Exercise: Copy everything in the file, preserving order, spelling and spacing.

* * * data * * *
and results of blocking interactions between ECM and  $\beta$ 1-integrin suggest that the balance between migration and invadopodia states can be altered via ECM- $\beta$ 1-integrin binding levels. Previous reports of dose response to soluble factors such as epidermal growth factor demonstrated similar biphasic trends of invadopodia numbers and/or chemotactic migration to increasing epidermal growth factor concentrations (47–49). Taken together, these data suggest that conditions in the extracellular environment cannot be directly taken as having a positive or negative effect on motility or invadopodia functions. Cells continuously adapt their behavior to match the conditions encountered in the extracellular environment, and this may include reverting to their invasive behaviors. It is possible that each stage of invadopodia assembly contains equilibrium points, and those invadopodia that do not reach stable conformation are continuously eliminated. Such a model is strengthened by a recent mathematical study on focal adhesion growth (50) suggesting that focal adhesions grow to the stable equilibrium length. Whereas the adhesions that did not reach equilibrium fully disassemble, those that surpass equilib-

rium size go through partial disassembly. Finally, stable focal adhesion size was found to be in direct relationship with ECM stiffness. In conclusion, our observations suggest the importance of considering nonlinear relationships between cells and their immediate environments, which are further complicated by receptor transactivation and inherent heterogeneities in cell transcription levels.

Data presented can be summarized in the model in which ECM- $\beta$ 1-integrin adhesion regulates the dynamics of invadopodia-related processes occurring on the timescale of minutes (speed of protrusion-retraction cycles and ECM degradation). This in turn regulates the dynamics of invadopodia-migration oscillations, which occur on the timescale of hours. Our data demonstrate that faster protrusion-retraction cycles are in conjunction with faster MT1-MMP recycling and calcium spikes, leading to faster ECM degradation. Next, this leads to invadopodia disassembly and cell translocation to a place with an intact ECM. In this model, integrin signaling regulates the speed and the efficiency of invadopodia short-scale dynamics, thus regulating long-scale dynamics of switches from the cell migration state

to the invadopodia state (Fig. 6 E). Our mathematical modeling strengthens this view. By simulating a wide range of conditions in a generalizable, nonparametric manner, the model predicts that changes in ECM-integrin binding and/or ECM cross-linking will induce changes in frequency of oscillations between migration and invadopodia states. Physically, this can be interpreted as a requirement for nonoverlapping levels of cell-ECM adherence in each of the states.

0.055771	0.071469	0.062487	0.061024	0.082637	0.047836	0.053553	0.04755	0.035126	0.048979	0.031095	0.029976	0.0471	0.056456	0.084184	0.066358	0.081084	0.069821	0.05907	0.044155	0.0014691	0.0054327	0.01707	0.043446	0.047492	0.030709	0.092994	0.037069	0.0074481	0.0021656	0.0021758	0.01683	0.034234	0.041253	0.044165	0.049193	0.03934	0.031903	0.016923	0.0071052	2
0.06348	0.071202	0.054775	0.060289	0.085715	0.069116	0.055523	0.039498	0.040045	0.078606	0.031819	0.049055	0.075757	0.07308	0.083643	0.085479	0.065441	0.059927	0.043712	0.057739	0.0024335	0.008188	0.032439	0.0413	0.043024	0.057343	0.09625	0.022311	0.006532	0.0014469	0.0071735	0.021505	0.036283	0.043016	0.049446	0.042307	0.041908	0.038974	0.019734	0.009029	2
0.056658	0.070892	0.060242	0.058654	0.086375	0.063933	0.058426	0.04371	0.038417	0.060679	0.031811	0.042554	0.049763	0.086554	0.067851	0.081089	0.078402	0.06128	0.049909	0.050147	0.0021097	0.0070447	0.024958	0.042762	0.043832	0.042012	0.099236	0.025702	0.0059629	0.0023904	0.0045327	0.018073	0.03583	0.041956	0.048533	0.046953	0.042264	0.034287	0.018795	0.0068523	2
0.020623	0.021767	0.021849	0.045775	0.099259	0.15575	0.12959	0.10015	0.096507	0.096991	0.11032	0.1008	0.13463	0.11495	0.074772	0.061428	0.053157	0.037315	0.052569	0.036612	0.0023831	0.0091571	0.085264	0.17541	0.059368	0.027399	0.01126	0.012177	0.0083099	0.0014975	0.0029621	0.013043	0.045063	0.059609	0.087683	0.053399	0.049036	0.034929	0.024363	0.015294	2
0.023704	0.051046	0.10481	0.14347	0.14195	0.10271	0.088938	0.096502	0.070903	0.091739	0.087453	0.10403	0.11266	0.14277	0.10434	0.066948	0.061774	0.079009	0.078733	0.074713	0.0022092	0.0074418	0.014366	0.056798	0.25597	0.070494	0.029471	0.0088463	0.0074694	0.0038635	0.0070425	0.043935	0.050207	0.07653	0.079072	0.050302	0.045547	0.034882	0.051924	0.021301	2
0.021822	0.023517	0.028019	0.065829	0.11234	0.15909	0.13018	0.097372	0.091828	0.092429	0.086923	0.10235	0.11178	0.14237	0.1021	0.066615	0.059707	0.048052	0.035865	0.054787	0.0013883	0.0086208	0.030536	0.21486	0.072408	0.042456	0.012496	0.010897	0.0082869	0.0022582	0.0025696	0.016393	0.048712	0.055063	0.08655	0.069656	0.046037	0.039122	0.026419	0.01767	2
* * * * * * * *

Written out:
and results of blocking interactions between ECM and  $\beta$ 1-integrin suggest that the balance between migration and invadopodia states can be altered via ECM- $\beta$ 1-integrin binding levels. Previous reports of dose response to soluble factors such as epidermal growth factor demonstrated similar biphasic trends of invadopodia numbers and/or chemotactic migration to increasing epidermal growth factor concentrations (47–49). Taken together, these data suggest that conditions in the extracellular environment cannot be directly taken as having a positive or negative effect on motility or invadopodia functions. Cells continuously adapt their behavior to match the conditions encountered in the extracellular environment, and this may include reverting to their invasive behaviors. It is possible that each stage of invadopodia assembly contains equilibrium points, and those invadopodia that do not reach stable conformation are continuously eliminated. Such a model is strengthened by a recent mathematical study on focal adhesion growth (50) suggesting that focal adhesions grow to the stable equilibrium length. Whereas the adhesions that did not reach equilibrium fully disassemble, those that surpass equilib-

rium size go through partial disassembly. Finally, stable focal adhesion size was found to be in direct relationship with ECM stiffness. In conclusion, our observations suggest the importance of considering nonlinear relationships between cells and their immediate environments, which are further complicated by receptor transactivation and inherent heterogeneities in cell transcription levels.

Data presented can be summarized in the model in which ECM- $\beta$ 1-integrin adhesion regulates the dynamics of invadopodia-related processes occurring on the timescale of minutes (speed of protrusion-retraction cycles and ECM degradation). This in turn regulates the dynamics of invadopodia-migration oscillations, which occur on the timescale of hours. Our data demonstrate that faster protrusion-retraction cycles are in conjunction with faster MT1-MMP recycling and calcium spikes, leading to faster ECM degradation. Next, this leads to invadopodia disassembly and cell translocation to a place with an intact ECM. In this model, integrin signaling regulates the speed and the efficiency of invadopodia short-scale dynamics, thus regulating long-scale dynamics of switches from the cell migration state

to the invadopodia state (Fig. 6 E). Our mathematical modeling strengthens this view. By simulating a wide range of conditions in a generalizable, nonparametric manner, the model predicts that changes in ECM-integrin binding and/or ECM cross-linking will induce changes in frequency of oscillations between migration and invadopodia states. Physically, this can be interpreted as a requirement for nonoverlapping levels of cell-ECM adherence in each of the states.

0.055771	0.071469	0.062487	0.061024	0.082637	0.047836	0.053553	0.04755	0.035126	0.048979	0.031095	0.029976	0.0471	0.056456	0.084184	0.066358	0.081084	0.069821	0.05907	0.044155	0.0014691	0.0054327	0.01707	0.043446	0.047492	0.030709	0.092994	0.037069	0.0074481	0.0021656	0.0021758	0.01683	0.034234	0.041253	0.044165	0.049193	0.03934	0.031903	0.016923	0.0071052	2
0.06348	0.071202	0.054775	0.060289	0.085715	0.069116	0.055523	0.039498	0.040045	0.078606	0.031819	0.049055	0.075757	0.07308	0.083643	0.085479	0.065441	0.059927	0.043712	0.057739	0.0024335	0.008188	0.032439	0.0413	0.043024	0.057343	0.09625	0.022311	0.006532	0.0014469	0.0071735	0.021505	0.036283	0.043016	0.049446	0.042307	0.041908	0.038974	0.019734	0.009029	2
0.056658	0.070892	0.060242	0.058654	0.086375	0.063933	0.058426	0.04371	0.038417	0.060679	0.031811	0.042554	0.049763	0.086554	0.067851	0.081089	0.078402	0.06128	0.049909	0.050147	0.0021097	0.0070447	0.024958	0.042762	0.043832	0.042012	0.099236	0.025702	0.0059629	0.0023904	0.0045327	0.018073	0.03583	0.041956	0.048533	0.046953	0.042264	0.034287	0.018795	0.0068523	2
0.020623	0.021767	0.021849	0.045775	0.099259	0.15575	0.12959	0.10015	0.096507	0.096991	0.11032	0.1008	0.13463	0.11495	0.074772	0.061428	0.053157	0.037315	0.052569	0.036612	0.0023831	0.0091571	0.085264	0.17541	0.059368	0.027399	0.01126	0.012177	0.0083099	0.0014975	0.0029621	0.013043	0.045063	0.059609	0.087683	0.053399	0.049036	0.034929	0.024363	0.015294	2
0.023704	0.051046	0.10481	0.14347	0.14195	0.10271	0.088938	0.096502	0.070903	0.091739	0.087453	0.10403	0.11266	0.14277	0.10434	0.066948	0.061774	0.079009	0.078733	0.074713	0.0022092	0.0074418	0.014366	0.056798	0.25597	0.070494	0.029471	0.0088463	0.0074694	0.0038635	0.0070425	0.043935	0.050207	0.07653	0.079072	0.050302	0.045547	0.034882	0.051924	0.021301	2
0.021822	0.023517	0.028019	0.065829	0.11234	0.15909	0.13018	0.097372	0.091828	0.092429	0.086923	0.10235	0.11178	0.14237	0.1021	0.066615	0.059707	0.048052	0.035865	0.054787	0.0013883	0.0086208	0.030536	0.21486	0.072408	0.042456	0.012496	0.010897	0.0082869	0.0022582	0.0025696	0.016393	0.048712	0.055063	0.08655	0.069656	0.046037	0.039122	0.026419	0.01767	2